U.S. works on outline for Israel-Palestinian peace deal ahead of April deadline
WASHINGTON — The United States will begin this week to present potential solutions to disagreements between Israel and the Palestinians as an April deadline for a peace deal approaches, a senior State Department official close to negotiations said on Tuesday.
Secretary of State John Kerry will test American proposals during meetings with Israeli and Palestinian leaders, set to begin Thursday when he returns to the region. The goal is an outline to guide the most intensive and difficult phase of the direct negotiations Kerry prodded the two sides to begin last summer.
Kerry set a nine-month deadline that would produce a final peace deal by late April that would establish an independent Palestinian state by late April. The framework agreement at issue would commit the two sides to the parameters of a final deal.
Details would be filled in over the next few months, but the outline would be a milestone that shows the largely secretive discussions are worthwhile.
A senior U.S. official said Kerry does not expect “breakthroughs” this week, but he wants the two sides to agree to the framework terms fairly soon. Those terms would govern talks on the thorniest issues, such as the borders of a Palestinian state on land Israel occupies, and they would make it hard for either side to backtrack.
All sides have acknowledged that the ambitious timeline to resolve the decades-old conflict could slip, but Israeli and Palestinian negotiators have kept their word to remain at the table for talks that have now gone about 20 rounds.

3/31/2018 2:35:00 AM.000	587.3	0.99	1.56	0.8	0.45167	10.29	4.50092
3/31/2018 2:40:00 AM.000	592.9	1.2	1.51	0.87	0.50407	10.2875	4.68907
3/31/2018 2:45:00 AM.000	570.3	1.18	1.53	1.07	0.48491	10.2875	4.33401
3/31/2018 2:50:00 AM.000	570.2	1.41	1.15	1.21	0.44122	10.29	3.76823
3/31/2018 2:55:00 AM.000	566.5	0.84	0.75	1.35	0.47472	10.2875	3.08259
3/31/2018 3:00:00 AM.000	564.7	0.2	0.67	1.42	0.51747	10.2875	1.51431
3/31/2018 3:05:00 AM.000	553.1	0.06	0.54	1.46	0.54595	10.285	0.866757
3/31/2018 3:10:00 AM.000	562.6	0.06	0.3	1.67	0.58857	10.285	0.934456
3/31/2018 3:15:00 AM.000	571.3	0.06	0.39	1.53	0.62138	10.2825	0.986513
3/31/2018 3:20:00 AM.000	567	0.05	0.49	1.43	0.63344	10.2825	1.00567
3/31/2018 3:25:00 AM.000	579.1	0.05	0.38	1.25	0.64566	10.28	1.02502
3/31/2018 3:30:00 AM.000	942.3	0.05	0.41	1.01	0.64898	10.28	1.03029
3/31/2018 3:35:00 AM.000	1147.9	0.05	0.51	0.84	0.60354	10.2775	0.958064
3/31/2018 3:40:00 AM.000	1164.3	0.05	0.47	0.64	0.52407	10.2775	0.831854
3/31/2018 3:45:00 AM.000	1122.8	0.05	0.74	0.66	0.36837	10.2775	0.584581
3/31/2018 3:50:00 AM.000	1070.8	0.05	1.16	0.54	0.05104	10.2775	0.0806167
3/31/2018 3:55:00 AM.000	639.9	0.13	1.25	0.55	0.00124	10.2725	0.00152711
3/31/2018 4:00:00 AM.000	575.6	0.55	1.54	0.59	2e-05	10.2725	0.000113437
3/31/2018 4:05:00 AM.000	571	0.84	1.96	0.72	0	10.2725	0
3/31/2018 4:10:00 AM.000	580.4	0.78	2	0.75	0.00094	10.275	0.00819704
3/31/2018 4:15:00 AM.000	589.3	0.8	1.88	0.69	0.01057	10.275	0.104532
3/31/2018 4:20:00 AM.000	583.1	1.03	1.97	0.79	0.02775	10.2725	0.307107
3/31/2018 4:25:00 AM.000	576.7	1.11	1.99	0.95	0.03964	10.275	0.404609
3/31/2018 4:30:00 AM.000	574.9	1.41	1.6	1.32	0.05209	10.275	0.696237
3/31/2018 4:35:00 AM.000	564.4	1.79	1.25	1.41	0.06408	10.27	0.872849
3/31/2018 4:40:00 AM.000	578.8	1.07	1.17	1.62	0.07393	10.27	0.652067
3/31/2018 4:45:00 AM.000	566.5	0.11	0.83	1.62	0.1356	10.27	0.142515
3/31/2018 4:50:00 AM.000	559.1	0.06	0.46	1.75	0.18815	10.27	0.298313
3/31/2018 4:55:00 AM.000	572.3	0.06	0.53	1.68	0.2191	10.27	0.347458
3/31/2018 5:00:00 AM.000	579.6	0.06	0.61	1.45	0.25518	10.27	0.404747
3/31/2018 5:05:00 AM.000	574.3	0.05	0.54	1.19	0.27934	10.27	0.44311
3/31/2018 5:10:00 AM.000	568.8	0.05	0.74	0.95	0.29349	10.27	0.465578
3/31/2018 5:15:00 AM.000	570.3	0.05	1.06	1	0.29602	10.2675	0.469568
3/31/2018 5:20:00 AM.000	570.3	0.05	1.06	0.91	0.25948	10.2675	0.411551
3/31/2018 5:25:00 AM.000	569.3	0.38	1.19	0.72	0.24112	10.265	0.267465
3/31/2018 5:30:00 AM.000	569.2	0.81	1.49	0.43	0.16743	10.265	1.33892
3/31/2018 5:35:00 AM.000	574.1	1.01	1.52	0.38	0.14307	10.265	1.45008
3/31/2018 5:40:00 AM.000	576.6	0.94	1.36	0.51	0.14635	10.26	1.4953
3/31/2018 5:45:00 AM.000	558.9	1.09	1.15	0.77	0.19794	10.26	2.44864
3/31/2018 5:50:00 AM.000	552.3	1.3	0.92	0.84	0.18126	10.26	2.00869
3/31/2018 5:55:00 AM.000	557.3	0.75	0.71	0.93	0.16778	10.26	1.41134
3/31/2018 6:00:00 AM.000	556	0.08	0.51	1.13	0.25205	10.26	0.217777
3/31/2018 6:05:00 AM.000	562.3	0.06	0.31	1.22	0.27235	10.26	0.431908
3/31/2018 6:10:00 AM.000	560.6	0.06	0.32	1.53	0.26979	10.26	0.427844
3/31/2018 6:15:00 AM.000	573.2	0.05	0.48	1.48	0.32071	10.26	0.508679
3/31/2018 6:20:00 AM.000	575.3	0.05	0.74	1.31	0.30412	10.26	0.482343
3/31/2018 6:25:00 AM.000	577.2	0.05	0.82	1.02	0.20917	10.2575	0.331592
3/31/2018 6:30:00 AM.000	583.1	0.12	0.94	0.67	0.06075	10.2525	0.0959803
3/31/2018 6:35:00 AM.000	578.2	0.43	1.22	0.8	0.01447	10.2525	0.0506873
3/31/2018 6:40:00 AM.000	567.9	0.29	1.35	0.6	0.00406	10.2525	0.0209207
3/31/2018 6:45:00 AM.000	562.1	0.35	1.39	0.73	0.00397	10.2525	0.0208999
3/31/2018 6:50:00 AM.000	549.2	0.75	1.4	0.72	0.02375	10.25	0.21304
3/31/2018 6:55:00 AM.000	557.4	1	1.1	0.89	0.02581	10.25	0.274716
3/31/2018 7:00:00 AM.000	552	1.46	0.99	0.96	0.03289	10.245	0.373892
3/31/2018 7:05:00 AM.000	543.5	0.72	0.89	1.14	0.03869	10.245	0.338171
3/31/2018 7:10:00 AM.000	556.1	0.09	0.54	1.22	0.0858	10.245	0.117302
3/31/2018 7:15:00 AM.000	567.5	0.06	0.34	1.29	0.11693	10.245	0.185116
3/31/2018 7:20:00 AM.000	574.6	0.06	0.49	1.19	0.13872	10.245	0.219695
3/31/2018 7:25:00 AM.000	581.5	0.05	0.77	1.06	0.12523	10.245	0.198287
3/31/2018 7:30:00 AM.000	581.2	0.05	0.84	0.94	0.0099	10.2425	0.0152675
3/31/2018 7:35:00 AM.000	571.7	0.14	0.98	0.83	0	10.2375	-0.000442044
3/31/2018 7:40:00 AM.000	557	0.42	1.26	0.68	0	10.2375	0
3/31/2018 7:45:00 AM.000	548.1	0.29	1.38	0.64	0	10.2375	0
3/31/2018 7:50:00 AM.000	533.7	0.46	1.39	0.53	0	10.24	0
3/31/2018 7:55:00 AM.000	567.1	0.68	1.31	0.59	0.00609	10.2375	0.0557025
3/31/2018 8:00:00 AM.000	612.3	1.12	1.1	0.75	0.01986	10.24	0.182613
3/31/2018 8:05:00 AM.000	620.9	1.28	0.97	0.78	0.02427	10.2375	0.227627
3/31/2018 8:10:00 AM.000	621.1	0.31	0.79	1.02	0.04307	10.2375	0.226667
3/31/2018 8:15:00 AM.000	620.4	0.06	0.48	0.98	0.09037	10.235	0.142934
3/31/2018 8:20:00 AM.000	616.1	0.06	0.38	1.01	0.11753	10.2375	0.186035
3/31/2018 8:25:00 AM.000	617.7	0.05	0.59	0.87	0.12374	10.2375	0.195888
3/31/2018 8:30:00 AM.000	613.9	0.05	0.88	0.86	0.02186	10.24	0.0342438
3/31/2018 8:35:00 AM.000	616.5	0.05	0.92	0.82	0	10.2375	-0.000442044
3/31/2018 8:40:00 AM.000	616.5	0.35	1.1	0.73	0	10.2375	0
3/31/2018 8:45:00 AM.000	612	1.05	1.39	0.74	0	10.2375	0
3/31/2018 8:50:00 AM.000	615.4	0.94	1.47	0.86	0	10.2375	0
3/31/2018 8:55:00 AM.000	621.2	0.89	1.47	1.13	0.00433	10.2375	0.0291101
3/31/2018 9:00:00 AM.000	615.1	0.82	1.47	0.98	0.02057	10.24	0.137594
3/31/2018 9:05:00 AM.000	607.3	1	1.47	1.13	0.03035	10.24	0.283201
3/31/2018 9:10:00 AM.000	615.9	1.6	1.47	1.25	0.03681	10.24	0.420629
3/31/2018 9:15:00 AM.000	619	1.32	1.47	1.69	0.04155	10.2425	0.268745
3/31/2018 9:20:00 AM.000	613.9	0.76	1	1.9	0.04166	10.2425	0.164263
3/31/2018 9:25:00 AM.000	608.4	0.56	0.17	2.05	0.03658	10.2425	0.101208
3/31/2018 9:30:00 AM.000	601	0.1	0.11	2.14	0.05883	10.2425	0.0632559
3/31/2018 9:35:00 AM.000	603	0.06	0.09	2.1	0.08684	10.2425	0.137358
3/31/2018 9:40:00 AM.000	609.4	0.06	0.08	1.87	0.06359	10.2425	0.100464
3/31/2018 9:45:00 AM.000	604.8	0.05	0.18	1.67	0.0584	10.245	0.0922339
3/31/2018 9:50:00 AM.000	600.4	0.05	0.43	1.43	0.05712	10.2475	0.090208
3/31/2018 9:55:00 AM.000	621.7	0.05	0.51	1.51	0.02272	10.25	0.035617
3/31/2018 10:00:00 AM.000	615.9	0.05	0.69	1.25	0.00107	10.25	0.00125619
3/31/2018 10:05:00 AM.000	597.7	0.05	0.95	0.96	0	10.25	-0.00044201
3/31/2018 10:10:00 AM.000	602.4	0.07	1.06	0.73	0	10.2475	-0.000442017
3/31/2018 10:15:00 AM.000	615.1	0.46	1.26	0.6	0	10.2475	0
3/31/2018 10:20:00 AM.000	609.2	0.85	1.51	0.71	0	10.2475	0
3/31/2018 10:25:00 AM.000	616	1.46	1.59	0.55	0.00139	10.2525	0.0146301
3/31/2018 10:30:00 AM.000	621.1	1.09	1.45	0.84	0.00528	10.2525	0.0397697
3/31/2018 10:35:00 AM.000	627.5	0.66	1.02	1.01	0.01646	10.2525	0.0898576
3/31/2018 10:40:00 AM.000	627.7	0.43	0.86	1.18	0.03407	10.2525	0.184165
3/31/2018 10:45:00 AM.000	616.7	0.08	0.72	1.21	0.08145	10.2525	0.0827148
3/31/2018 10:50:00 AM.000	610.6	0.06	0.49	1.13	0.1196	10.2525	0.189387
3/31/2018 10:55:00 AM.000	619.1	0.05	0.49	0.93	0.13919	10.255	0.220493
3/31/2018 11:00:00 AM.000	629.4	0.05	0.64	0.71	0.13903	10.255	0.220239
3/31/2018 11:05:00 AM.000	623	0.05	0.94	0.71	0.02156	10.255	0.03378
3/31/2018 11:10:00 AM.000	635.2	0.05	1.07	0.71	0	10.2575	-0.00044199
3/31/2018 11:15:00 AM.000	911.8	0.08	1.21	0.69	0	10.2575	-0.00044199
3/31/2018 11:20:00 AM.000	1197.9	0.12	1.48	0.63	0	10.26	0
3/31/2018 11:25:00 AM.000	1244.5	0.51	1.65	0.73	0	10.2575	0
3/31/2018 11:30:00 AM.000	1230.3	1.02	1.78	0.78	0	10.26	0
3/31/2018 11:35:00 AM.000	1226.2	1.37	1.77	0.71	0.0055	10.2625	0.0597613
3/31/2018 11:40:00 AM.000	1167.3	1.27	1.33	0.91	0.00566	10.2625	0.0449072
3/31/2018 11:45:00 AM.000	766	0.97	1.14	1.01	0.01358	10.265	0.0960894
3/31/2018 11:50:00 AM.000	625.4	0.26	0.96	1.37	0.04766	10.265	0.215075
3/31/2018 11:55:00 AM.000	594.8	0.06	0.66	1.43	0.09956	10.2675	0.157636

Israel held to a key condition for talks early Tuesday, with the release of 26 Palestinian prisoners serving long sentences for killing Israelis. It was the third of four scheduled releases for a total of 104 Palestinian prisoners, all serving 19 years or more in Israeli jails for crimes committed before the 1993 signing of the Oslo accords.
Palestinian Authority President Mahmoud Abbas, in turn, has held off on plans to seek further recognition of the Palestinian government through the United Nations, a path that could confer de facto statehood without input from Israel. The United States opposes that route.
Israeli Prime Minister Benjamin Netanyahu and Abbas have not met directly since talks resumed in July. A face-to-face meeting, possibly with Kerry as moderator, would be a significant sign of progress. The senior U.S. official said such a meeting would likely follow agreement on the framework terms.
The official acknowledged the risks of raising the profile of talks to that level, given that the last direct talks between Abbas and Netanyahu ended with each accusing the other of intransigence and obstructionism. All direct talks halted with that brief 2010 exchange.